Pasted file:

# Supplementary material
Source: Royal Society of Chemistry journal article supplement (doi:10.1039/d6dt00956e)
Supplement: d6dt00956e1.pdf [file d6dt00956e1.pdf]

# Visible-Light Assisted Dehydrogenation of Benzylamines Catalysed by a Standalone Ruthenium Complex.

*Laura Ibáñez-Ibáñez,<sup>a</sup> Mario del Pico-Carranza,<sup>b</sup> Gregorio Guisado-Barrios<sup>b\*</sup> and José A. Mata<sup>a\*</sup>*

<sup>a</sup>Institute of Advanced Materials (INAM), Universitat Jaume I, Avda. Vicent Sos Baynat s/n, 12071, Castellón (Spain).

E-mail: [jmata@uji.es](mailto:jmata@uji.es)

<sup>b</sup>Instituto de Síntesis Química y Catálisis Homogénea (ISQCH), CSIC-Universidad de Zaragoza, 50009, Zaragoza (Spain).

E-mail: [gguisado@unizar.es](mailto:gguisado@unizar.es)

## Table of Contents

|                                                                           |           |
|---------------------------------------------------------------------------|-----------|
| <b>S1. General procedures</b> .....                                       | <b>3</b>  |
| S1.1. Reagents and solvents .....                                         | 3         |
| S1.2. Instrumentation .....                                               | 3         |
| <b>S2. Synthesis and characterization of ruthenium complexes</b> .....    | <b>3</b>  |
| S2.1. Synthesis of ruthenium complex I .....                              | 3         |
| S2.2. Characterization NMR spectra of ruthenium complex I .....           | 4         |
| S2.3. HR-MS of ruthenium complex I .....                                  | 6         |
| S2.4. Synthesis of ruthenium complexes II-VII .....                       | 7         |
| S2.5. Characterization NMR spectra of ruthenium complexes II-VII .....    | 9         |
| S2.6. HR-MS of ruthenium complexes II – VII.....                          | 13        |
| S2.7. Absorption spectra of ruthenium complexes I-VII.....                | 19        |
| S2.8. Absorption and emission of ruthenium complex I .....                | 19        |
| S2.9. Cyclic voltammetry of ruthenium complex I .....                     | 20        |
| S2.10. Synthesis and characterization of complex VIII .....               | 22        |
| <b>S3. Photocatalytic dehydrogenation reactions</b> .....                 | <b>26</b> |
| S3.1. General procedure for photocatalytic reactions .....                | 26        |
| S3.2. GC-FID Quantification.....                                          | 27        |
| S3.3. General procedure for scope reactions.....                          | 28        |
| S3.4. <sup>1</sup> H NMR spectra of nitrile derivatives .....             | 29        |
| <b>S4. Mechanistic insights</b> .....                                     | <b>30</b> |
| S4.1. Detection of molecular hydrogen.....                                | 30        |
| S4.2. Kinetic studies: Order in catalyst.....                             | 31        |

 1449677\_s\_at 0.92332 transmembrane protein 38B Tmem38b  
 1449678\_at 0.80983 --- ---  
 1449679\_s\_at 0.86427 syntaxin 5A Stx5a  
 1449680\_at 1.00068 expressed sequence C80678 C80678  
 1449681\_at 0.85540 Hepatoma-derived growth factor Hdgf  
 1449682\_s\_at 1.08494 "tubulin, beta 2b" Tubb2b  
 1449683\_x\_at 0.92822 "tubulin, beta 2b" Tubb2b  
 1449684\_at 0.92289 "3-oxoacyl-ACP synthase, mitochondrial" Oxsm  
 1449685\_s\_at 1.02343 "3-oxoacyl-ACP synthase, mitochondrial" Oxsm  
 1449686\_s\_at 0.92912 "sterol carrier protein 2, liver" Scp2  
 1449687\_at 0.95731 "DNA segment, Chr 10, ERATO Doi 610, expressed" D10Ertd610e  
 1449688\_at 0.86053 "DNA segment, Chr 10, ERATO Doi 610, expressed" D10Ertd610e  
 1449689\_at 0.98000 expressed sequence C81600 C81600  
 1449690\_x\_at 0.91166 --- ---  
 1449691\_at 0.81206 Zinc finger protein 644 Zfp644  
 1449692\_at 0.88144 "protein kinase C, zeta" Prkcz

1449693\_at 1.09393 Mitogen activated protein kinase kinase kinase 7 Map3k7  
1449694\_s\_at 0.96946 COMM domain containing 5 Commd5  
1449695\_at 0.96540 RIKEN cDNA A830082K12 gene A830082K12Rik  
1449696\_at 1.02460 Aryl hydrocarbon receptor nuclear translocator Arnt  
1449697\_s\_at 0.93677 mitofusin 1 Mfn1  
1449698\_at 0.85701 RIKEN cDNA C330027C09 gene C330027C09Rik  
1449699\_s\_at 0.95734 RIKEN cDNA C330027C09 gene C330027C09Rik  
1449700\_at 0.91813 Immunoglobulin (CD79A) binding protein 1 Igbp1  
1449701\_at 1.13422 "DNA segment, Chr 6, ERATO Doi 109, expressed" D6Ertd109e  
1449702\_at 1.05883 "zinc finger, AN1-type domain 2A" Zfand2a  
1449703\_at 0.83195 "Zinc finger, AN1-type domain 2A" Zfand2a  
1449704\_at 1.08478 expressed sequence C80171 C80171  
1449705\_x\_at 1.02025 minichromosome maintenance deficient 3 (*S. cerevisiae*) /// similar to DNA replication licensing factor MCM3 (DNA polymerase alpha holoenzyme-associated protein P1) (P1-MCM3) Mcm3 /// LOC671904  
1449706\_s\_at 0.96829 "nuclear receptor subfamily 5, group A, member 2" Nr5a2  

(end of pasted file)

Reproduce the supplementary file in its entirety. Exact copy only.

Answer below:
# Supplementary material
Source: Royal Society of Chemistry journal article supplement (doi:10.1039/d6dt00956e)
Supplement: d6dt00956e1.pdf [file d6dt00956e1.pdf]

# Visible-Light Assisted Dehydrogenation of Benzylamines Catalysed by a Standalone Ruthenium Complex.

*Laura Ibáñez-Ibáñez,<sup>a</sup> Mario del Pico-Carranza,<sup>b</sup> Gregorio Guisado-Barrios<sup>b\*</sup> and José A. Mata<sup>a\*</sup>*

<sup>a</sup>Institute of Advanced Materials (INAM), Universitat Jaume I, Avda. Vicent Sos Baynat s/n, 12071, Castellón (Spain).

E-mail: [jmata@uji.es](mailto:jmata@uji.es)

<sup>b</sup>Instituto de Síntesis Química y Catálisis Homogénea (ISQCH), CSIC-Universidad de Zaragoza, 50009, Zaragoza (Spain).

E-mail: [gguisado@unizar.es](mailto:gguisado@unizar.es)

## Table of Contents

|                                                                           |           |
|---------------------------------------------------------------------------|-----------|
| <b>S1. General procedures</b> .....                                       | <b>3</b>  |
| S1.1. Reagents and solvents .....                                         | 3         |
| S1.2. Instrumentation .....                                               | 3         |
| <b>S2. Synthesis and characterization of ruthenium complexes</b> .....    | <b>3</b>  |
| S2.1. Synthesis of ruthenium complex I .....                              | 3         |
| S2.2. Characterization NMR spectra of ruthenium complex I .....           | 4         |
| S2.3. HR-MS of ruthenium complex I .....                                  | 6         |
| S2.4. Synthesis of ruthenium complexes II-VII .....                       | 7         |
| S2.5. Characterization NMR spectra of ruthenium complexes II-VII .....    | 9         |
| S2.6. HR-MS of ruthenium complexes II – VII.....                          | 13        |
| S2.7. Absorption spectra of ruthenium complexes I-VII.....                | 19        |
| S2.8. Absorption and emission of ruthenium complex I .....                | 19        |
| S2.9. Cyclic voltammetry of ruthenium complex I .....                     | 20        |
| S2.10. Synthesis and characterization of complex VIII .....               | 22        |
| <b>S3. Photocatalytic dehydrogenation reactions</b> .....                 | <b>26</b> |
| S3.1. General procedure for photocatalytic reactions .....                | 26        |
| S3.2. GC-FID Quantification.....                                          | 27        |
| S3.3. General procedure for scope reactions.....                          | 28        |
| S3.4. <sup>1</sup> H NMR spectra of nitrile derivatives .....             | 29        |
| <b>S4. Mechanistic insights</b> .....                                     | <b>30</b> |
| S4.1. Detection of molecular hydrogen.....                                | 30        |
| S4.2. Kinetic studies: Order in catalyst.....                             | 31        |

 1449677\_s\_at 0.92332 transmembrane protein 38B Tmem38b  
 1449678\_at 0.80983 --- ---  
 1449679\_s\_at 0.86427 syntaxin 5A Stx5a  
 1449680\_at 1.00068 expressed sequence C80678 C80678  
 1449681\_at 0.85540 Hepatoma-derived growth factor Hdgf  
 1449682\_s\_at 1.08494 "tubulin, beta 2b" Tubb2b  
 1449683\_x\_at 0.92822 "tubulin, beta 2b" Tubb2b  
 1449684\_at 0.92289 "3-oxoacyl-ACP synthase, mitochondrial" Oxsm  
 1449685\_s\_at 1.02343 "3-oxoacyl-ACP synthase, mitochondrial" Oxsm  
 1449686\_s\_at 0.92912 "sterol carrier protein 2, liver" Scp2  
 1449687\_at 0.95731 "DNA segment, Chr 10, ERATO Doi 610, expressed" D10Ertd610e  
 1449688\_at 0.86053 "DNA segment, Chr 10, ERATO Doi 610, expressed" D10Ertd610e  
 1449689\_at 0.98000 expressed sequence C81600 C81600  
 1449690\_x\_at 0.91166 --- ---  
 1449691\_at 0.81206 Zinc finger protein 644 Zfp644  
 1449692\_at 0.88144 "protein kinase C, zeta" Prkcz

1449693\_at 1.09393 Mitogen activated protein kinase kinase kinase 7 Map3k7  
1449694\_s\_at 0.96946 COMM domain containing 5 Commd5  
1449695\_at 0.96540 RIKEN cDNA A830082K12 gene A830082K12Rik  
1449696\_at 1.02460 Aryl hydrocarbon receptor nuclear translocator Arnt  
1449697\_s\_at 0.93677 mitofusin 1 Mfn1  
1449698\_at 0.85701 RIKEN cDNA C330027C09 gene C330027C09Rik  
1449699\_s\_at 0.95734 RIKEN cDNA C330027C09 gene C330027C09Rik  
1449700\_at 0.91813 Immunoglobulin (CD79A) binding protein 1 Igbp1  
1449701\_at 1.13422 "DNA segment, Chr 6, ERATO Doi 109, expressed" D6Ertd109e  
1449702\_at 1.05883 "zinc finger, AN1-type domain 2A" Zfand2a  
1449703\_at 0.83195 "Zinc finger, AN1-type domain 2A" Zfand2a  
1449704\_at 1.08478 expressed sequence C80171 C80171  
1449705\_x\_at 1.02025 minichromosome maintenance deficient 3 (*S. cerevisiae*) /// similar to DNA replication licensing factor MCM3 (DNA polymerase alpha holoenzyme-associated protein P1) (P1-MCM3) Mcm3 /// LOC671904  
1449706\_s\_at 0.96829 "nuclear receptor subfamily 5, group A, member 2" Nr5a2  